For reasons that have to do with my family’s immigrant history, the Fourth of July always reminds of my Sicilian grandmother, my Nonna. I used to sit at the table in the basement kitchen of her house in Queens, eating seconds and thirds of her pasta and sausage while the neighborhood cats looked down at us through the windows set high in the wall, checking on whether there would be leftovers. She would cut spaghetti into cat-size bites before putting it out for them in their own chipped bowl.
While I ate, she would tell stories. One was about a cousin — let’s call him Salvino — who received payments from the government of Italy because his father, a policeman in the family’s Sicilian hometown, had been killed in the line of duty during the war. This death was less glorious than it might sound. While the Allied navy was shelling the town, Salvino’s father had taken it into his head to leave the shelter of the hills, where everybody with any sense was lying low out of harm’s way, and report for duty in town, where he had been blasted into eternity. I picture him storming off down the dusty road to meet his doom wearing his sash of office.
Salvino had a relatively comfortable life, but the pension ended when he turned 45, and, anyway, he suspected that his relatives in America were living even better. Deciding to see for himself, he came to stay with Nonna in Queens. Her husband, my long-dead grandfather, had been a carpenter; Nonna was a seamstress with a knack for copying at steeply reduced prices the clothes she saw in magazines and on fact-finding expeditions to the big department stores in Manhattan, which she called “New York.” Salvino would wake up late, lie around for a while, eat a meal or two prepared for him by Nonna when he could get her away from her sewing machine, and then perhaps go for a walk to take the air and see the sights.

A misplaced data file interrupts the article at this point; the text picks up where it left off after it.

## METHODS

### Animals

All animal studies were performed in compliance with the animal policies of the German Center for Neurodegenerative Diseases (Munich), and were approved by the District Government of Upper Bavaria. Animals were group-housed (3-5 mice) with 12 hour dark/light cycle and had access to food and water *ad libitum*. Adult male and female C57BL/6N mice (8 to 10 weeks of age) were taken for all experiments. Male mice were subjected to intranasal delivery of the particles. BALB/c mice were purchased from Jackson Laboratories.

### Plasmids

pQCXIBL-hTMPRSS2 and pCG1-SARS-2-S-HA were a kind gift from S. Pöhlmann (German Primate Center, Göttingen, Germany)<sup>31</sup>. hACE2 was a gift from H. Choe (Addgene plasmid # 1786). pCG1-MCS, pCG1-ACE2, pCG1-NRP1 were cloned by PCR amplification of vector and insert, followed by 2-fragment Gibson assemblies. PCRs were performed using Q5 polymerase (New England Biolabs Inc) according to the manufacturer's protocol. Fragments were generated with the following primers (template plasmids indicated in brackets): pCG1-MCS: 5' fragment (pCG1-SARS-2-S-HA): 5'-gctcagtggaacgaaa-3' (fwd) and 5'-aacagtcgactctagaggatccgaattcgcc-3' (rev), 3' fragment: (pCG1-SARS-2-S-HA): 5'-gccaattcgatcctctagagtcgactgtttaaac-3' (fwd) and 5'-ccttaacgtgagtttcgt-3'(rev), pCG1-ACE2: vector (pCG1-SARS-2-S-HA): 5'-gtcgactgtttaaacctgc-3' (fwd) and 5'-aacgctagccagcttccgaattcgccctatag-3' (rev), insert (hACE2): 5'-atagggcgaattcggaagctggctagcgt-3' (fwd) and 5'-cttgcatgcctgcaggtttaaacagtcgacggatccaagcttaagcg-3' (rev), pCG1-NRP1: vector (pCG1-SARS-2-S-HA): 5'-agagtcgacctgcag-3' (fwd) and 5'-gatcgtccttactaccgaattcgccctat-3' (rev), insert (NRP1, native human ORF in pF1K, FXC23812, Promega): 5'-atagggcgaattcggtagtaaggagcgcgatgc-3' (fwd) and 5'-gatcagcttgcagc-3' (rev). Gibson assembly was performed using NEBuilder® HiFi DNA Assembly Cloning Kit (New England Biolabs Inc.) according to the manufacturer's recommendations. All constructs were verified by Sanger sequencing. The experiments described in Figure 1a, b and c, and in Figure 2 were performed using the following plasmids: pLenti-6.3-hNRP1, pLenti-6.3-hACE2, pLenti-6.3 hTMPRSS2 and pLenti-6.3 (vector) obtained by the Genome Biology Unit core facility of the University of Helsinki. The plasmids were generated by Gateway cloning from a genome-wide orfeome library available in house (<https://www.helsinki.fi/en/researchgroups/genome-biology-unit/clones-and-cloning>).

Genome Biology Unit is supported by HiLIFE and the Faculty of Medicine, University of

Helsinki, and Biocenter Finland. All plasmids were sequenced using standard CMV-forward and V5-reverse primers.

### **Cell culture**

He had good food and drink, a woman to cook for him; life seemed pleasant. Because it was necessary in this barbarous country to at least appear to have a job, he put in a few easy hours now and then at a nearby gas station owned by a cousin, hanging about and shooting the breeze in Sicilian. But one day Nonna informed him he didn’t make enough at the gas station to pay his way, and if he wanted the bed and copious board to continue he would need a better job. Fortunately, she’d had the cousin with the gas station find him one, in a shmatte factory in the garment district.
Salvino went off for his first day of work in good spirits, but he came running back home to Nonna in the middle of day. Breathless and distraught, he managed to gasp out between sobs that he had not realized that one had to just stay there at the shmatte factory all the time, doing one thing after another. His fingers were pricked and sore, his back hurt, his shirt had been so badly wrinkled that he wasn’t sure Nonna would be able to make it presentable again no matter how diligently she ironed it. It was all more than a man who cultivated an extra-long pinkie fingernail could bear. Telling me the story as I sat at her table and ate her food, as Salvino had done before me and my grandfather, father, and uncle before Salvino, Nonna would put her gnarled fingers up to her face and trace the paths of Salvino’s tears with fluttering blood-red fingernails: “Piangendo, così” (Crying, like this).
When Nonna had calmed Salvino, no doubt with an espresso and a homemade S-cookie or two, she made a little speech: “In this country, you work. And that’s all.” Salvino went home to Sicily soon after. I see Nonna, rid of him at last, eating her solitary dinner at the table in the basement kitchen, the corners of her mouth turning down and her chin extending to indicate satisfaction as she contemplated her independence from the deadbeat relatives she left back in the Old Country.Carlo Rotella is director of American studies at Boston College. His latest book is “Playing in Time: Essays, Profiles, and Other True Stories.’’